I am often asked questions like “Do I have to go back to work after our divorce when we agreed I would I care for our children?”

Many couples, while together, make a decision that one parent will leave their employment/career to stay home once they have children. Sometimes one parent decides to stay home against the wishes of the other parent. In any event, the decision is made because one or both parents feel it is in the best interest of their child(ren) that a parent stay at home full time.

When a relationship ends, parents are often forced to re-examine their parenting decisions, priorities, and choices most frequently for economic reasons as they may feel they cannot afford to meet their respective financial needs on one income when they are faced with paying for two residences, and the added expenses of living apart. That may or may not in fact be true.

The parent who has stayed at home, sometimes for many years, has in many cases sacrificed their career to stay at home with the children and that parent may feel very invested in that role and resentful that they are being told they need to return to work. The parent who has stayed at home raising children may have an emotional attachment to that parenting role which can make it very difficult for that parent to see themselves having that role taken away. This is especially true when it is the other parent that is ending the relationship and is now asking them to return to work. The stay at home parent may have also been out of the workforce for a lengthy period of time, and may have some very real challenges restarting a prior career or creating a new career path.

For the parent who worked outside of the home, they often feel overburdened with being the sole source of financial support for the family especially when there are not enough resources. That parent often becomes frustrated with the stay at home parent because they may no longer place the same value on the stay at home parent’s role and they may want the stay at home parent to begin to contribute financially to reduce the financial strain on the family. They may also be resentful that the stay at home parent has more time with the children because they have to work outside of the home and are away from the children more than they would want.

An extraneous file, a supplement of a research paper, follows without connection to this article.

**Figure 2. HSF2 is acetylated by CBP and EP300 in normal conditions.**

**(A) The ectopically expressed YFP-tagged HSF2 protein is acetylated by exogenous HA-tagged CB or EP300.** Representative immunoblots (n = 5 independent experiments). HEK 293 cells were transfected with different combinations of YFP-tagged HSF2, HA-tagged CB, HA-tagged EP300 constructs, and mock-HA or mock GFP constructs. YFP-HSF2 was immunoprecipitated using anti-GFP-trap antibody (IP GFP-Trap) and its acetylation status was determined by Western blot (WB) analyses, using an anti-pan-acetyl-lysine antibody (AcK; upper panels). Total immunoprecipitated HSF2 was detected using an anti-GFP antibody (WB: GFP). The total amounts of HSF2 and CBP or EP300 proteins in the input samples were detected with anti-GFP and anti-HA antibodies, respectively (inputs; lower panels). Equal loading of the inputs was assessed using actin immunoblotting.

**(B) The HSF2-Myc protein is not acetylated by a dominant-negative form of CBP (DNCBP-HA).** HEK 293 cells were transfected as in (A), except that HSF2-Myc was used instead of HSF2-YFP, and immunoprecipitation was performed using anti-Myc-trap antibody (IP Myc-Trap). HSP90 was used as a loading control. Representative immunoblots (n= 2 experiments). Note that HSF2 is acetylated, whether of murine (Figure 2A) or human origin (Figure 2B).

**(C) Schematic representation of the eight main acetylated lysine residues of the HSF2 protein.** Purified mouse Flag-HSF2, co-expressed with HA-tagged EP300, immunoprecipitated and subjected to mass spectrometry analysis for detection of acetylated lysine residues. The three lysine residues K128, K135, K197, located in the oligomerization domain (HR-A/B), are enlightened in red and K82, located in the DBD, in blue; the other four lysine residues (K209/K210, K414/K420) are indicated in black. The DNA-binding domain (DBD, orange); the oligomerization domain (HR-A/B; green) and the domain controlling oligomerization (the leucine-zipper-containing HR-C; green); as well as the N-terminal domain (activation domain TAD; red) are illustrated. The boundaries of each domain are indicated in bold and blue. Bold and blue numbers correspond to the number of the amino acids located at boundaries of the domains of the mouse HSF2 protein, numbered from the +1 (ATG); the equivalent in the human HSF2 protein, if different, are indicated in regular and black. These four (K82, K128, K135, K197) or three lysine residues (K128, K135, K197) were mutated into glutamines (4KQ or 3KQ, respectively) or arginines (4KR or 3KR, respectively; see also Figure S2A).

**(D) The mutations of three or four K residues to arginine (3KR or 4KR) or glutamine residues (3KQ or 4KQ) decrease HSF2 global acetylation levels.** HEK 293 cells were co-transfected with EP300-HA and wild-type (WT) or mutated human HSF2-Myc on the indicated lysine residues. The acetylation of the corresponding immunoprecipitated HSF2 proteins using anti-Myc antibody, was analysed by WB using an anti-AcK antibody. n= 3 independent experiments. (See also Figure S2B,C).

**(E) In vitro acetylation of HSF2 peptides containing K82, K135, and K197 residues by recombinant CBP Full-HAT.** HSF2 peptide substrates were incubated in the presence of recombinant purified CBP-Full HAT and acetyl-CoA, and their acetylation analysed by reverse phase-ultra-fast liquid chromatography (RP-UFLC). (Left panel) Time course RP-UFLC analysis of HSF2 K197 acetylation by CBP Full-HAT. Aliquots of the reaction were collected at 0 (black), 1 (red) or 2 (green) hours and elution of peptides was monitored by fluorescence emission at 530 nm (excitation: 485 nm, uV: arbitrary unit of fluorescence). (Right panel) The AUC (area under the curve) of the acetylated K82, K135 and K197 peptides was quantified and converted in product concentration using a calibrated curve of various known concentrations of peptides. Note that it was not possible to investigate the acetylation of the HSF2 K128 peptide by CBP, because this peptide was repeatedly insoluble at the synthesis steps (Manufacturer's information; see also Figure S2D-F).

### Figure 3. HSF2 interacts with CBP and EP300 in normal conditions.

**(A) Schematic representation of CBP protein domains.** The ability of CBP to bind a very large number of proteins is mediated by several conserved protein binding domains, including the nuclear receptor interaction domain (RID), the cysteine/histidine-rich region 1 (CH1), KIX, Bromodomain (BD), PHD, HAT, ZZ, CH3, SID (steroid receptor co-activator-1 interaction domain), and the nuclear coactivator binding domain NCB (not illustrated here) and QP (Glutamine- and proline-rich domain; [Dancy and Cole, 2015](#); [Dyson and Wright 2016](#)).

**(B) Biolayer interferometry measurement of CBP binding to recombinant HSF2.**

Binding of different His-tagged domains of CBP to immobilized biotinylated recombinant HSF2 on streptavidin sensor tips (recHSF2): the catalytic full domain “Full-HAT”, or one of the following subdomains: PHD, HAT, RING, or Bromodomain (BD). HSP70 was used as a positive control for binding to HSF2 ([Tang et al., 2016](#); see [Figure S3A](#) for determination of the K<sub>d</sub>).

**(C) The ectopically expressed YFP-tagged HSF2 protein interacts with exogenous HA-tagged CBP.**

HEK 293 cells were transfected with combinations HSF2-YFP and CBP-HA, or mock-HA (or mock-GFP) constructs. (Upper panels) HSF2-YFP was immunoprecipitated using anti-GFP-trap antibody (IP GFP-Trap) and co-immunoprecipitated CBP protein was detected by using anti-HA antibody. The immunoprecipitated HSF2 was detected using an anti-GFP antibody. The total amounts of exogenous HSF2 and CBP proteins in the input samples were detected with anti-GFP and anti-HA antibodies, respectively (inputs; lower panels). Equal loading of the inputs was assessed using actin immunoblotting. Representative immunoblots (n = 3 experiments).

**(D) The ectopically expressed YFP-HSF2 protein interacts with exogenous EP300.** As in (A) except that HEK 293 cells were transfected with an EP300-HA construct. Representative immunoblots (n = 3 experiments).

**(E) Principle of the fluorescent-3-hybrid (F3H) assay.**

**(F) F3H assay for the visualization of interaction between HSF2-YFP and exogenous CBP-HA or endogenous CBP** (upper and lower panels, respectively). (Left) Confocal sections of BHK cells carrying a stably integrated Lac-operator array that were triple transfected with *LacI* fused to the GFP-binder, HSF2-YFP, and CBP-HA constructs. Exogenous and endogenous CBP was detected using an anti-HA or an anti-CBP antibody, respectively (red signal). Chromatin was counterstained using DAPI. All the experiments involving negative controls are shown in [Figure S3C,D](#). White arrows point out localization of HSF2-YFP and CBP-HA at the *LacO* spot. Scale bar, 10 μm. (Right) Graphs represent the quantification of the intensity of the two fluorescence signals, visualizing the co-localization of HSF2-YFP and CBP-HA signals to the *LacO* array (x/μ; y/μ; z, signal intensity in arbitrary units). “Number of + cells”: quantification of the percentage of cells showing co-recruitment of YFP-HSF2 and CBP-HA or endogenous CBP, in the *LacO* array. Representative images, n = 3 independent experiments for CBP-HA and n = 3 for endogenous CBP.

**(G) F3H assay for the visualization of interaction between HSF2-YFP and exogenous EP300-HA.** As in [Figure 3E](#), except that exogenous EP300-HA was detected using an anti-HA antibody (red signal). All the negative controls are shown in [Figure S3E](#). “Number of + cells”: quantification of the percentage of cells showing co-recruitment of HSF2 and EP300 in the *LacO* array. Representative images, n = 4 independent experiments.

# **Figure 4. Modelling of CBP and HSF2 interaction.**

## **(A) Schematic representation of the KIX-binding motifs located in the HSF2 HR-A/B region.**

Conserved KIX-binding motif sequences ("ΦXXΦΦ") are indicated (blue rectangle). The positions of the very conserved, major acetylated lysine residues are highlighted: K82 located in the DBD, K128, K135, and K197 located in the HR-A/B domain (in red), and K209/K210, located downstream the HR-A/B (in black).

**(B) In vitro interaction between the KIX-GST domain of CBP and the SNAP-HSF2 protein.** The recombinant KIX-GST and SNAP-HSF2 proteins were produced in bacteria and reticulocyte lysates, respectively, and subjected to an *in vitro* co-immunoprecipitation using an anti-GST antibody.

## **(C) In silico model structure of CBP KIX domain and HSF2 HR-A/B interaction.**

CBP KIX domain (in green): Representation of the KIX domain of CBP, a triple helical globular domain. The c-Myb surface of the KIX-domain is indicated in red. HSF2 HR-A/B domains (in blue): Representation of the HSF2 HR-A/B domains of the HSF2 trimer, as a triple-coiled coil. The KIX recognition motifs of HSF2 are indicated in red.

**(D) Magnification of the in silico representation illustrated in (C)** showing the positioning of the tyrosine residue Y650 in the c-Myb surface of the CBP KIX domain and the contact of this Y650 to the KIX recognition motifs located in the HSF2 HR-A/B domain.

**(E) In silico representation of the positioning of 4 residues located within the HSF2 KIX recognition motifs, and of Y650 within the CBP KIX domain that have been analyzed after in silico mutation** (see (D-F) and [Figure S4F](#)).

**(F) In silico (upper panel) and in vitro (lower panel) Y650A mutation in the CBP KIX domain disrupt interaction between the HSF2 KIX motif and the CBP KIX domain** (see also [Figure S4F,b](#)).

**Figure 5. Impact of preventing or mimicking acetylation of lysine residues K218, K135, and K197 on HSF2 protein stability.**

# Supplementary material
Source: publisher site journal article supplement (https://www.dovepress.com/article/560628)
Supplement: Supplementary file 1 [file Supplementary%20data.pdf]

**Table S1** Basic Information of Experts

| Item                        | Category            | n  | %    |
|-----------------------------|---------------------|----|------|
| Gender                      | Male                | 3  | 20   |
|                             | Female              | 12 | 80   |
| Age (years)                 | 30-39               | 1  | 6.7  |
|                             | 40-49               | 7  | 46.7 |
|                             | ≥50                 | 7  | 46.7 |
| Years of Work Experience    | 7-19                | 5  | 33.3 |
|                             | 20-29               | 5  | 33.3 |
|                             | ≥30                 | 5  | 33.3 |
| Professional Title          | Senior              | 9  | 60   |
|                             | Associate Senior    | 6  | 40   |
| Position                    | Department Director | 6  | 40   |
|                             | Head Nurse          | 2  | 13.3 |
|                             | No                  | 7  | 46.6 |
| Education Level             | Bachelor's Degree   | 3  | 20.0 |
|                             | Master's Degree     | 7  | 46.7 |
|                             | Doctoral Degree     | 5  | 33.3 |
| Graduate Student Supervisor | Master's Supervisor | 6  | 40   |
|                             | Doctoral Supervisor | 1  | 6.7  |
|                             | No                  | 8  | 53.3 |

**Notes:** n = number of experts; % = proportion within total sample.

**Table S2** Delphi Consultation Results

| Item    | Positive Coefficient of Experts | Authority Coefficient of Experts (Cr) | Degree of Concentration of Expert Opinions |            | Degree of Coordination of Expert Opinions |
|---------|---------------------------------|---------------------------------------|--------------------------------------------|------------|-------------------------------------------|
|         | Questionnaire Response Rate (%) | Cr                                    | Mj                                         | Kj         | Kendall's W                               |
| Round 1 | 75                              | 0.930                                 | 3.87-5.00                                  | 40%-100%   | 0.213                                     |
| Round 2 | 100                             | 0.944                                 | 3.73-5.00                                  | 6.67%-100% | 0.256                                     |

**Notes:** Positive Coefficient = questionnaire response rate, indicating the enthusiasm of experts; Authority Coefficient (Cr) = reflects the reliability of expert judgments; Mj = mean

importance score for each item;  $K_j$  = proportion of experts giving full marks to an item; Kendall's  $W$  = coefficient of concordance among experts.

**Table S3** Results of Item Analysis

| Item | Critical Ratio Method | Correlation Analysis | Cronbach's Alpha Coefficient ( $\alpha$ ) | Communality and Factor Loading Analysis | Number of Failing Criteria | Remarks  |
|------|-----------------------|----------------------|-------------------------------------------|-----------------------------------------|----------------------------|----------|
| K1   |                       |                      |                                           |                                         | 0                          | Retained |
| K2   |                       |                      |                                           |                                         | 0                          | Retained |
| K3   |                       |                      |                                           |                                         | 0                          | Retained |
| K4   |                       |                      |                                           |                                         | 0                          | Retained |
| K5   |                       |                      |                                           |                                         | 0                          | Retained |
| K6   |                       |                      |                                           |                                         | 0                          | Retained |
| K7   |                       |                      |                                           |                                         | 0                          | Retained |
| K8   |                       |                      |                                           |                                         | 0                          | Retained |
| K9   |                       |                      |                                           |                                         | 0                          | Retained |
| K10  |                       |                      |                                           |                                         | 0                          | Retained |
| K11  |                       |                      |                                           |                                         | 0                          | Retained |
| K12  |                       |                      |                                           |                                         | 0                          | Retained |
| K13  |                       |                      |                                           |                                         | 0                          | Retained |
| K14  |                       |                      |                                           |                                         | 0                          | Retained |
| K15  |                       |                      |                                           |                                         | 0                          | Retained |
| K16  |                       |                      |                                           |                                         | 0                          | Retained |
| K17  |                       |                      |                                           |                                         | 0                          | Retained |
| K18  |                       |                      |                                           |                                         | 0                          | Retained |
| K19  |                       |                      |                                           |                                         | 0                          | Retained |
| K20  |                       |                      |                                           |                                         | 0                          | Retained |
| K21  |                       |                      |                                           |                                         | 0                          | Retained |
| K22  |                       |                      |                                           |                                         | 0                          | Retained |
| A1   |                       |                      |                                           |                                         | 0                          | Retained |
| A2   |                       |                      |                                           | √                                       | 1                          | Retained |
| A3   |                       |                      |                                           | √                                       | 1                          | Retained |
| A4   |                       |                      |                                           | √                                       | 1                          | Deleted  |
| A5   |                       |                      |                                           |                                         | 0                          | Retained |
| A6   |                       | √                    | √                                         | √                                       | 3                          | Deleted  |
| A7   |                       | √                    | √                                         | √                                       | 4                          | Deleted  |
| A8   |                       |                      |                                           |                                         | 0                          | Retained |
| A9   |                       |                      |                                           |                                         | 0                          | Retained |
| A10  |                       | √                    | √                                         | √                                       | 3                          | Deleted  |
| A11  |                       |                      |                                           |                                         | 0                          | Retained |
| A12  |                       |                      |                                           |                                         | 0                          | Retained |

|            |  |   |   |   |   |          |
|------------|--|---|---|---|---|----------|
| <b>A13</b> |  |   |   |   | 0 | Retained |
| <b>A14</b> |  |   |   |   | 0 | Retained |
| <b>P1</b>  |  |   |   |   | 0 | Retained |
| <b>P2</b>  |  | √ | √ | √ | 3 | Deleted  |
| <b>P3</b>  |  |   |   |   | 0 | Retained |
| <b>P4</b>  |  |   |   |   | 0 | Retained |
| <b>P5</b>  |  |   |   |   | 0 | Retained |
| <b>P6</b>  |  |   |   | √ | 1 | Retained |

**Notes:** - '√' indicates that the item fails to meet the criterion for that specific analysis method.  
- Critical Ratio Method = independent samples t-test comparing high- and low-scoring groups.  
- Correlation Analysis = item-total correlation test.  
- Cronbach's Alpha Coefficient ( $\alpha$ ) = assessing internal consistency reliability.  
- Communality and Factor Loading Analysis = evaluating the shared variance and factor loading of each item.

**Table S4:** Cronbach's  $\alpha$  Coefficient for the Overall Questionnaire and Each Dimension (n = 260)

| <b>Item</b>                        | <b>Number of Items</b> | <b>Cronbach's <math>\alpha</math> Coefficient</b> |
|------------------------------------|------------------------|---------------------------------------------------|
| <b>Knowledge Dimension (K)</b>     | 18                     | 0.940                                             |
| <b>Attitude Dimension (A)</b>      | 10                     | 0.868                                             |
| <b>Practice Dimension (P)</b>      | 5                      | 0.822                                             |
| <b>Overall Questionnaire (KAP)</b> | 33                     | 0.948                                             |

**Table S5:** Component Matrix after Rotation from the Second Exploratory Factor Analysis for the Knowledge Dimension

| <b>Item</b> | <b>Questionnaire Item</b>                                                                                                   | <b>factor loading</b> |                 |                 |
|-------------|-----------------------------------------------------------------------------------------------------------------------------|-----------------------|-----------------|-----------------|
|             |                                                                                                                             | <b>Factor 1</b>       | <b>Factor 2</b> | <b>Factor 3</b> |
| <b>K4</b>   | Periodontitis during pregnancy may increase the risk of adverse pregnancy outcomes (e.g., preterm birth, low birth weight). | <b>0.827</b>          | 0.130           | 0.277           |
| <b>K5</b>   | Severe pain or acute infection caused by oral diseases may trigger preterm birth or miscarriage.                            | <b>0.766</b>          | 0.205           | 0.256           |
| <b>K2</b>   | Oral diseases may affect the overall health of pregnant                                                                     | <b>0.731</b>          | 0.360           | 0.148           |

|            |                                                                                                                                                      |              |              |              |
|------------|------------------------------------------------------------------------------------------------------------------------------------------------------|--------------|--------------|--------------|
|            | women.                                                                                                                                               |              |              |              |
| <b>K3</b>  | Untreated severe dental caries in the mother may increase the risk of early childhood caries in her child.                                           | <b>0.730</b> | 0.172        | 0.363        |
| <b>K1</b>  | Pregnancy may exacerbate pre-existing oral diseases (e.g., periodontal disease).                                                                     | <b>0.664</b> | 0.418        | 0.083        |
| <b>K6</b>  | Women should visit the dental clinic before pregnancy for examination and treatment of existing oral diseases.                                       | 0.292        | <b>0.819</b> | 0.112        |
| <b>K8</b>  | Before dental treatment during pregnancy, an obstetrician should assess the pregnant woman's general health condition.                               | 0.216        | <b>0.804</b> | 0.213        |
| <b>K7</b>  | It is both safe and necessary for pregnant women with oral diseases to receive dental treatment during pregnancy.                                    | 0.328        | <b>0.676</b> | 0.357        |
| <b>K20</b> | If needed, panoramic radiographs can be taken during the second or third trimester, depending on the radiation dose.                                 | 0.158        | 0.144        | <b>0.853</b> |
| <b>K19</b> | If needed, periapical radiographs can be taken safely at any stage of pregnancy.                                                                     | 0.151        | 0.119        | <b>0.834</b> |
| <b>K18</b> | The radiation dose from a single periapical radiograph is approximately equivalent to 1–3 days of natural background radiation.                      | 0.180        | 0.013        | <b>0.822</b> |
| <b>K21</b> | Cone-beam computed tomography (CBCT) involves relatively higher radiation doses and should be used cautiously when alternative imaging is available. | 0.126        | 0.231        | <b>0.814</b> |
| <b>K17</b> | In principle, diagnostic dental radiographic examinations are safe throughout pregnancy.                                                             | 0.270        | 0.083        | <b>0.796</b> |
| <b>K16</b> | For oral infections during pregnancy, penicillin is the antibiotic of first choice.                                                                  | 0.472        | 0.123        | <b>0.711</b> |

In other words, there are a lot of emotions that are triggered around this issue in addition to the financial issues. When parents end their relationship, and move into two separate residences, the costs for the family usually increase substantially. For some families, they cannot financially survive separately if both parents are not generating income.

If there are adequate resources, parents are better able to consider whether their choices for one parent to stay at home can continue. If there are not adequate resources, there are ways for families to adjust their expectations around how they live by, for example, reducing their standard of living in order to prioritize having a parent to continue to stay at home. Outside of a court setting, parents have a lot of flexibility and creativity in how to prioritize what is important to them both when it comes to raising their children.

If this issue is in front of a judge, unless there are extraordinary circumstances, such as a special needs child, or a disability, the judge is likely to order the stay at home parent to return to work “as soon as practicable.” What that really means and how quickly that can be accomplished is very specific to each family.

The court may order the stay at home parent to participate in a vocational evaluation to help the judge understand what the best path might be towards gainful employment. The judge can also make what’s called a seek work order requiring best faith efforts at a job search.

Ultimately, if a person refuses to return to work, in a court setting, the judge can impute income to that person based upon what they could be earning at the time when setting child and spousal support. Then, it would be up to that parent to either return to work or reduce their standard of living if they want to continue to stay at home to raise their children.

When facing this issue, the best way to approach it is with as much information as possible by using professionals to help you evaluate what is possible both emotionally and financially, and focusing on your family’s needs first.

Lissa Rapoport, JD is a family law attorney practicing in Marin and San Francisco Counties.  More information in her bio on the “Find A Professional” page.